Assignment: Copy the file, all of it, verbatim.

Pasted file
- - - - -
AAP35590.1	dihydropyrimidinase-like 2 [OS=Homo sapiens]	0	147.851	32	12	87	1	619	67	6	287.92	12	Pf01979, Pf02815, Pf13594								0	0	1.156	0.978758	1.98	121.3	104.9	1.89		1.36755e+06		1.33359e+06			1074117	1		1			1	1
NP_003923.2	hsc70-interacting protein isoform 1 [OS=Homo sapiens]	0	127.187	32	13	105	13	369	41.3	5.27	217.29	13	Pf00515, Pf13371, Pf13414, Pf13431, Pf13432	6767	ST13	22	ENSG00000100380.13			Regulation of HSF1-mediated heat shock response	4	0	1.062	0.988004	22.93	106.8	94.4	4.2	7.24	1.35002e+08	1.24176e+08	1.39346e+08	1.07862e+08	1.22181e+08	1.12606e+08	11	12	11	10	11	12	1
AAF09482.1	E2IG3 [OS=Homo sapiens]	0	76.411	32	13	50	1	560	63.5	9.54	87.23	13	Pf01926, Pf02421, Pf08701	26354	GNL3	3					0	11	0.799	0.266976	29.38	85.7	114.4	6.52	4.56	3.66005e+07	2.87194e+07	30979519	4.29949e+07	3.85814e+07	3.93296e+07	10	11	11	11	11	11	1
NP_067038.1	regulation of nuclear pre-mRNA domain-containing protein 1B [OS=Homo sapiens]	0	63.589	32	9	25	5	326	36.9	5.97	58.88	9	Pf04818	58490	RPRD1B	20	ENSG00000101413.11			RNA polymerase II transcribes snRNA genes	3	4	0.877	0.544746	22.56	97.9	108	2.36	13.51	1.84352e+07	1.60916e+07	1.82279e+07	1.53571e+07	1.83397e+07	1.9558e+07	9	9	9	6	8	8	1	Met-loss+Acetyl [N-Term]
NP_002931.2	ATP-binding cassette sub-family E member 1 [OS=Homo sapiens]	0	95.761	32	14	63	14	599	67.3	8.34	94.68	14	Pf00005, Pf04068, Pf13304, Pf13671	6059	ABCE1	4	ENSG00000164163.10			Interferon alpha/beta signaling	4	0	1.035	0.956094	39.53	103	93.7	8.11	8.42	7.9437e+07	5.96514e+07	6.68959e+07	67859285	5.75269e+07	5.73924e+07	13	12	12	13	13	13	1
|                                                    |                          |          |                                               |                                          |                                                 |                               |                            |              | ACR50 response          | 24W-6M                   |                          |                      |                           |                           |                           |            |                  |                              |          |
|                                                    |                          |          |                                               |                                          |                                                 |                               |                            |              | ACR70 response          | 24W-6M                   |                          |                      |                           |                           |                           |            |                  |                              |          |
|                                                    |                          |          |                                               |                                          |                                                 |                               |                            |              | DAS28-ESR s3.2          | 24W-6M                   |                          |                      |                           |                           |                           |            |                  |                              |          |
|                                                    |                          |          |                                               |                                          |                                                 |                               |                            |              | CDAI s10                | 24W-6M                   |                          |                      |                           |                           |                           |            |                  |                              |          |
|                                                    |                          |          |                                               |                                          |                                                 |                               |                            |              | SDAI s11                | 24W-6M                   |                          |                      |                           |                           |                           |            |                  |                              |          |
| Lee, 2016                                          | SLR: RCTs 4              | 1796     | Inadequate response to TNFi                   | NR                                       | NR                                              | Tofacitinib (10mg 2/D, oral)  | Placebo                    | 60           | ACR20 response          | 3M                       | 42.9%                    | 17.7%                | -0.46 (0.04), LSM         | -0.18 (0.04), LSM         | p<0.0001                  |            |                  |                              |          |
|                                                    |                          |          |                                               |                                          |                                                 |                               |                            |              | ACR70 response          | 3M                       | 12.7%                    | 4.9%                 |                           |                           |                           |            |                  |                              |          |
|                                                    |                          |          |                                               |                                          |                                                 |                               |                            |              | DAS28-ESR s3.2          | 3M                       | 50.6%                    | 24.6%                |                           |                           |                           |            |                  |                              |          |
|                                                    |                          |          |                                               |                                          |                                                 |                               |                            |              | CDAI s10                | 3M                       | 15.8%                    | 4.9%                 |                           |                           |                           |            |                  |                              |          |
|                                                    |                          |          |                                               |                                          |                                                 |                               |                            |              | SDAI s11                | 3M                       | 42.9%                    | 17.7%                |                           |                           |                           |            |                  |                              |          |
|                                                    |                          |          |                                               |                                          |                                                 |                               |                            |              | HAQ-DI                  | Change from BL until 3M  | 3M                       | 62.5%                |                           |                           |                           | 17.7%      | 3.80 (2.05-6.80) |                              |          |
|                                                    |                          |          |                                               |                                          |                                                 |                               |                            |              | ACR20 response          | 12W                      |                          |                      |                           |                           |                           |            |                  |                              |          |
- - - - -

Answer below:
AAP35590.1	dihydropyrimidinase-like 2 [OS=Homo sapiens]	0	147.851	32	12	87	1	619	67	6	287.92	12	Pf01979, Pf02815, Pf13594								0	0	1.156	0.978758	1.98	121.3	104.9	1.89		1.36755e+06		1.33359e+06			1074117	1		1			1	1
NP_003923.2	hsc70-interacting protein isoform 1 [OS=Homo sapiens]	0	127.187	32	13	105	13	369	41.3	5.27	217.29	13	Pf00515, Pf13371, Pf13414, Pf13431, Pf13432	6767	ST13	22	ENSG00000100380.13			Regulation of HSF1-mediated heat shock response	4	0	1.062	0.988004	22.93	106.8	94.4	4.2	7.24	1.35002e+08	1.24176e+08	1.39346e+08	1.07862e+08	1.22181e+08	1.12606e+08	11	12	11	10	11	12	1
AAF09482.1	E2IG3 [OS=Homo sapiens]	0	76.411	32	13	50	1	560	63.5	9.54	87.23	13	Pf01926, Pf02421, Pf08701	26354	GNL3	3					0	11	0.799	0.266976	29.38	85.7	114.4	6.52	4.56	3.66005e+07	2.87194e+07	30979519	4.29949e+07	3.85814e+07	3.93296e+07	10	11	11	11	11	11	1
NP_067038.1	regulation of nuclear pre-mRNA domain-containing protein 1B [OS=Homo sapiens]	0	63.589	32	9	25	5	326	36.9	5.97	58.88	9	Pf04818	58490	RPRD1B	20	ENSG00000101413.11			RNA polymerase II transcribes snRNA genes	3	4	0.877	0.544746	22.56	97.9	108	2.36	13.51	1.84352e+07	1.60916e+07	1.82279e+07	1.53571e+07	1.83397e+07	1.9558e+07	9	9	9	6	8	8	1	Met-loss+Acetyl [N-Term]
NP_002931.2	ATP-binding cassette sub-family E member 1 [OS=Homo sapiens]	0	95.761	32	14	63	14	599	67.3	8.34	94.68	14	Pf00005, Pf04068, Pf13304, Pf13671	6059	ABCE1	4	ENSG00000164163.10			Interferon alpha/beta signaling	4	0	1.035	0.956094	39.53	103	93.7	8.11	8.42	7.9437e+07	5.96514e+07	6.68959e+07	67859285	5.75269e+07	5.73924e+07	13	12	12	13	13	13	1
|                                                    |                          |          |                                               |                                          |                                                 |                               |                            |              | ACR50 response          | 24W-6M                   |                          |                      |                           |                           |                           |            |                  |                              |          |
|                                                    |                          |          |                                               |                                          |                                                 |                               |                            |              | ACR70 response          | 24W-6M                   |                          |                      |                           |                           |                           |            |                  |                              |          |
|                                                    |                          |          |                                               |                                          |                                                 |                               |                            |              | DAS28-ESR s3.2          | 24W-6M                   |                          |                      |                           |                           |                           |            |                  |                              |          |
|                                                    |                          |          |                                               |                                          |                                                 |                               |                            |              | CDAI s10                | 24W-6M                   |                          |                      |                           |                           |                           |            |                  |                              |          |
|                                                    |                          |          |                                               |                                          |                                                 |                               |                            |              | SDAI s11                | 24W-6M                   |                          |                      |                           |                           |                           |            |                  |                              |          |
| Lee, 2016                                          | SLR: RCTs 4              | 1796     | Inadequate response to TNFi                   | NR                                       | NR                                              | Tofacitinib (10mg 2/D, oral)  | Placebo                    | 60           | ACR20 response          | 3M                       | 42.9%                    | 17.7%                | -0.46 (0.04), LSM         | -0.18 (0.04), LSM         | p<0.0001                  |            |                  |                              |          |
|                                                    |                          |          |                                               |                                          |                                                 |                               |                            |              | ACR70 response          | 3M                       | 12.7%                    | 4.9%                 |                           |                           |                           |            |                  |                              |          |
|                                                    |                          |          |                                               |                                          |                                                 |                               |                            |              | DAS28-ESR s3.2          | 3M                       | 50.6%                    | 24.6%                |                           |                           |                           |            |                  |                              |          |
|                                                    |                          |          |                                               |                                          |                                                 |                               |                            |              | CDAI s10                | 3M                       | 15.8%                    | 4.9%                 |                           |                           |                           |            |                  |                              |          |
|                                                    |                          |          |                                               |                                          |                                                 |                               |                            |              | SDAI s11                | 3M                       | 42.9%                    | 17.7%                |                           |                           |                           |            |                  |                              |          |
|                                                    |                          |          |                                               |                                          |                                                 |                               |                            |              | HAQ-DI                  | Change from BL until 3M  | 3M                       | 62.5%                |                           |                           |                           | 17.7%      | 3.80 (2.05-6.80) |                              |          |
|                                                    |                          |          |                                               |                                          |                                                 |                               |                            |              | ACR20 response          | 12W                      |                          |                      |                           |                           |                           |            |                  |                              |          |